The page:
The world’s prominent organizations such as the International Monetary Fund (IMF), the World Bank and the Organization for Economic Cooperation and Development (OECD) foresee that trade wars, global climate change threats, disruptive technological developments and the war of hegemony between the great powers will continue to occupy the world’s agenda in 2020. These four major and long-term risks and threats are doomed to hit global politics. That means international growth, trade, production and employment will be shaped by these negative developments. The year 2020 is thought to be one of global injustice, as the imbalanced use of wealth and the lack of equal access to natural resources will come forward. Sadly, health services are another problem to solve and the insensitivity of superpowers such as the U.S. in particular toward pollution is another major problem at hand. In the midst of all these injustices and inequalities, the global economy will continue to witness trade and currency wars. Giant companies will try to swallow minor ones. Moreover, the U.K.’s divorce deal, the EU’s intra-crisis, NATO’s ambiguous future, cybersecurity attacks, the consumer malaise on a global scale and the endless greediness of the banking system worldwide will continue. Meanwhile, the global debt spiral, which is expected to approach $260 trillion at the end of the year, triple the global national income, will continue to be one of the priority agenda items. The leading economists are worried that if the economically powerful countries attempt to postpone the problems of the global system with short-term public finance, i.e. budgetary measures and expansionary monetary policies, in other words with temporary measures to save the day, the world will be dragged into greater troubles for decades to come. Another concern for 2020 is the deterioration of economic outlook due to concerns of uncertainty about when global trade and exchange wars will end. Nevertheless, 2019 is a candidate to go down in history as one of the years where risky assets earned the most. In other words, the global financial system professionals are trying to invite institutional and individual investors to invest in things like the orchestra, which was playing until the last minute in the Titanic, which sank by running into an iceberg. The year 2020 will also be one in which we need to carefully monitor global commodity prices, especially oil and gold prices. Future and beyond The upcoming year will be a cornerstone to a decade where countries who are in intense competition with each other in the field of trade, energy and transportation corridors, face conflicts. We have already observed the signs of this many times in 2019. The latest development was the decision to impose heavy sanctions on companies involved in the North Stream-2 project between Russia and Germany, which came into play when U.S. President Donald Trump approved the U.S. 2020 defense budget. Germany saw this step as a heavy intervention in the internal affairs of its country and of the European Union. On the other hand, the U.S. side clearly states this message: "I lifted the 40-year ban on the export of energy from American lands at the end of 2015. I sold the first oil to Italy and the natural gas to Poland. I also want to export energy to the biggest energy consumer – Europe. So, I want you to buy oil and natural gas from me, not mainly from Russia and Iran. " Another goal of the U.S. is undoubtedly to reduce Russia's export revenue mainly coming from energy. This is because Russia, which has a foreign trade surplus thanks to its energy exports, can protect its value and economy against global manipulations and attacks with its strong central bank reserves, while keeping new opportunities in the defense field and keeping hard power opportunities alive. However, does the U.S. and Russia have interests in Syria, Iraq, even Libya and the Eastern Mediterranean conflict? Conversely, it largely overlaps. The more the Middle East is dragged into chaos and grapples with regional problems, or the Eastern Mediterranean experiences severe tensions and uncertainty, delaying the countries in the region from selling their energy derivatives to Europe, the better it is for the U.S. and Russia. Therefore, Turkey, who has assumed a meaningful and valuable initiative in the name of regional peace and tranquility, especially for security in Syria and Iraq, and stabilization of Libya, is also offering Iraq, Lebanon, Jordan, Palestine, Israel and even Egypt to act together in order to meet Europe's energy needs. Greece and the Greek Cypriot Administration, on the other hand, continues to seek ways to bypass Turkey and meet the energy demand of Europe, siding with Israel. The historic agreement that was carried out between Libya and Turkey is of critical importance in terms of not only the regional energy corridors but also the regional trade corridors and regional transport corridors. As the decade takes its shape, we will always remember the importance of this "geo-strategic" and diplomatic step.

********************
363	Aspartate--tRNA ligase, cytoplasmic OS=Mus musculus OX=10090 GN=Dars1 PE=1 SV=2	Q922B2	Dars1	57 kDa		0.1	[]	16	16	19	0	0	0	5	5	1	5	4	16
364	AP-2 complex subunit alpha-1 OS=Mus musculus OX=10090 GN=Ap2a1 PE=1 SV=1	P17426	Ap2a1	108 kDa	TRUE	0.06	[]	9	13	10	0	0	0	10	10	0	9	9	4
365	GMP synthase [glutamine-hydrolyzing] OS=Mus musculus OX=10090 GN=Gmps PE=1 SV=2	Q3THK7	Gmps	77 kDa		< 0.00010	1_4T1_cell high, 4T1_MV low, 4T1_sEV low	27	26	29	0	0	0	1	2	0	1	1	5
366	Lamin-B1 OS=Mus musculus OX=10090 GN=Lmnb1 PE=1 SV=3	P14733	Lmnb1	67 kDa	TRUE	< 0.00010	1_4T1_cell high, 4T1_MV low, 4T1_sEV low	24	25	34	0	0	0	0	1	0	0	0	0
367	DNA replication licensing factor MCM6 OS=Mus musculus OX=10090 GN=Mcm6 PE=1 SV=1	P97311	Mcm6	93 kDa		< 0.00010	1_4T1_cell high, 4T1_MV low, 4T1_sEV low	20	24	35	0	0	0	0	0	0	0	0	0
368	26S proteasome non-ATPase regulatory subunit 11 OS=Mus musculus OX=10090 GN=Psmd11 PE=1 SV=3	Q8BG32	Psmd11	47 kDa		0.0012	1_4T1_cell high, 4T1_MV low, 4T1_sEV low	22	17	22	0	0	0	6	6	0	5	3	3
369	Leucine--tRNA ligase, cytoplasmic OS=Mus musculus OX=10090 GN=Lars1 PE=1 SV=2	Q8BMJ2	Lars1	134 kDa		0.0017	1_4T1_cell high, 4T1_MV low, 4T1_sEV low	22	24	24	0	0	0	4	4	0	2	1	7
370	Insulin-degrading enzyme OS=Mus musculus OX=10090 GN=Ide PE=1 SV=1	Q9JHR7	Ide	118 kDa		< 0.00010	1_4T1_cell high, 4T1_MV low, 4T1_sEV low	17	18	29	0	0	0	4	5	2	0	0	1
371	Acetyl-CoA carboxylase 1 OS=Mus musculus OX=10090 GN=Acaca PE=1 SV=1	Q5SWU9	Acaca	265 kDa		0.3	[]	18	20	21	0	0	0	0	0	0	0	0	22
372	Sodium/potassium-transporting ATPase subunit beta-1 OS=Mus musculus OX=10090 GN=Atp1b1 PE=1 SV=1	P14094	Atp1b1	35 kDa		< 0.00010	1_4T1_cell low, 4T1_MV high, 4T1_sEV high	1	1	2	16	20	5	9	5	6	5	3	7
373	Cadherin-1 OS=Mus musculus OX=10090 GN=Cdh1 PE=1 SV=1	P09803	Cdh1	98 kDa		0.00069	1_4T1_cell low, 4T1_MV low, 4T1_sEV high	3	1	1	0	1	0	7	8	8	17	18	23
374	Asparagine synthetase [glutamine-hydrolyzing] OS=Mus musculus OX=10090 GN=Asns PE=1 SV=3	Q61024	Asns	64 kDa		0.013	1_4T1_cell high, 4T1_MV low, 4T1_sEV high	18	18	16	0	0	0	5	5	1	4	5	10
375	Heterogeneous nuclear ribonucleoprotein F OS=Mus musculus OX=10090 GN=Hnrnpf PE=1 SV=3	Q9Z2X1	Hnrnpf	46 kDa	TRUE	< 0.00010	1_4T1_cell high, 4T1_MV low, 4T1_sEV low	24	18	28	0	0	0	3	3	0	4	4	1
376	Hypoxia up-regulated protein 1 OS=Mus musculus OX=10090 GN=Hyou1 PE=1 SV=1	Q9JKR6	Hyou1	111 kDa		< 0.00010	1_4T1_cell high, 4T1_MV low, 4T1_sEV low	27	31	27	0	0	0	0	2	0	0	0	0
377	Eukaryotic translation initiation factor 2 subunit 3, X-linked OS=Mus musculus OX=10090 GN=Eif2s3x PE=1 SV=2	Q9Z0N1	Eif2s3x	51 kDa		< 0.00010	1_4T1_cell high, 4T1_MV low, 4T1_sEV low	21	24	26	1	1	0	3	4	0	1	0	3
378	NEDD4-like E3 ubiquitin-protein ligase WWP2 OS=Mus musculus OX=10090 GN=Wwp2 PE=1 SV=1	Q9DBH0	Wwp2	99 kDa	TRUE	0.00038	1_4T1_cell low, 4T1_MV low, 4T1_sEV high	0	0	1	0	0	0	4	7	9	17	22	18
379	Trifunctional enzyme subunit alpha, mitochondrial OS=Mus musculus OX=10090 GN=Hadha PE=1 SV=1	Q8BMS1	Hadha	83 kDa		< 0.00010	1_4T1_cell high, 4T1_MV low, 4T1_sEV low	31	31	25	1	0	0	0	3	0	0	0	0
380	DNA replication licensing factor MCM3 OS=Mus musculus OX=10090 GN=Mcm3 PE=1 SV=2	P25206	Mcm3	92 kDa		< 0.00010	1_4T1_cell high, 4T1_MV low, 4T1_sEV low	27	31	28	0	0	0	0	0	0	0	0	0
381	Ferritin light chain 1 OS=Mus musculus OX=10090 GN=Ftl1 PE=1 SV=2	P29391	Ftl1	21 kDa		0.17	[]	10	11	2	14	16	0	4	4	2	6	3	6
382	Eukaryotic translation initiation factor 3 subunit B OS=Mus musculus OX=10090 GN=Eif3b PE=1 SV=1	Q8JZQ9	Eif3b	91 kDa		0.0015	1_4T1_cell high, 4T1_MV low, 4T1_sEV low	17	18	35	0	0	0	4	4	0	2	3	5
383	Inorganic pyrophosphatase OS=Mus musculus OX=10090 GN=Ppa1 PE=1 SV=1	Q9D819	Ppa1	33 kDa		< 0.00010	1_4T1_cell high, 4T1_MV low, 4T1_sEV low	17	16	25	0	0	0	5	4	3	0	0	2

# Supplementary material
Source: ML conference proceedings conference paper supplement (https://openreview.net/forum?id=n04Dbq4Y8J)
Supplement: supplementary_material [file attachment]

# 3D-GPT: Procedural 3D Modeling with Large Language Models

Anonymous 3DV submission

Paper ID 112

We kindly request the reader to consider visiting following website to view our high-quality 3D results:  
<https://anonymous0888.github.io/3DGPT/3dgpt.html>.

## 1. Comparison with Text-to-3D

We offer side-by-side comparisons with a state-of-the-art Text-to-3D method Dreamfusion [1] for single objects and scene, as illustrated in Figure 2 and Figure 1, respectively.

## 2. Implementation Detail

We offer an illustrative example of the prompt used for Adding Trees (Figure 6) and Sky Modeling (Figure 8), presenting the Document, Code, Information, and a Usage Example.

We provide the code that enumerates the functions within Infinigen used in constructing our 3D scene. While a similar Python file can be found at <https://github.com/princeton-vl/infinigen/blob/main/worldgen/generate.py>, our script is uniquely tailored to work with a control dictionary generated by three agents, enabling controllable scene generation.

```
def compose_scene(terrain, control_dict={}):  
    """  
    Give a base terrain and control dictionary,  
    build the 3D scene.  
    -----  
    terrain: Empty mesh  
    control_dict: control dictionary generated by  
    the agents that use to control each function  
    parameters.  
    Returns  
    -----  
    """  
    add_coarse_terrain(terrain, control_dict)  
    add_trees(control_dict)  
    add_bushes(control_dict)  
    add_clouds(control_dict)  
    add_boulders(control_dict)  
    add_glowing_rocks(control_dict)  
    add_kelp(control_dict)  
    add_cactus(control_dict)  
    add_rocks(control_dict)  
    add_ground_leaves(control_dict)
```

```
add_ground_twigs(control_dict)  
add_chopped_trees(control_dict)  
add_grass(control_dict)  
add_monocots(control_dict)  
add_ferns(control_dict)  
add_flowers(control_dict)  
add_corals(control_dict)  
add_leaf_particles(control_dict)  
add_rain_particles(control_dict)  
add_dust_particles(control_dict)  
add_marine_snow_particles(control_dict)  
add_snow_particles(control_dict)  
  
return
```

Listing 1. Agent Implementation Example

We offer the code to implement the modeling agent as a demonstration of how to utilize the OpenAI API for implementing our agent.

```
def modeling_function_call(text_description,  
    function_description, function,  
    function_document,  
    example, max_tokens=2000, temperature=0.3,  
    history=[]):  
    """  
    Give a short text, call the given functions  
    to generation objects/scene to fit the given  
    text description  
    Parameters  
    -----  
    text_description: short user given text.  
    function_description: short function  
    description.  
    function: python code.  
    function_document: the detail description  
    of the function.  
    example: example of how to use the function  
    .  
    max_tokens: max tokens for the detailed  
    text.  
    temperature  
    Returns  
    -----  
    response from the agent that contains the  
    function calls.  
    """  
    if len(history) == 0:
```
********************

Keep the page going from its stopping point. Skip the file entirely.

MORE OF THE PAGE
About the author
Kerem Alkin is an economist, professor at Istanbul Medipol University. He currently serves as the Turkish Permanent Representative to the Organisation for Economic Co-operation and Development (OECD).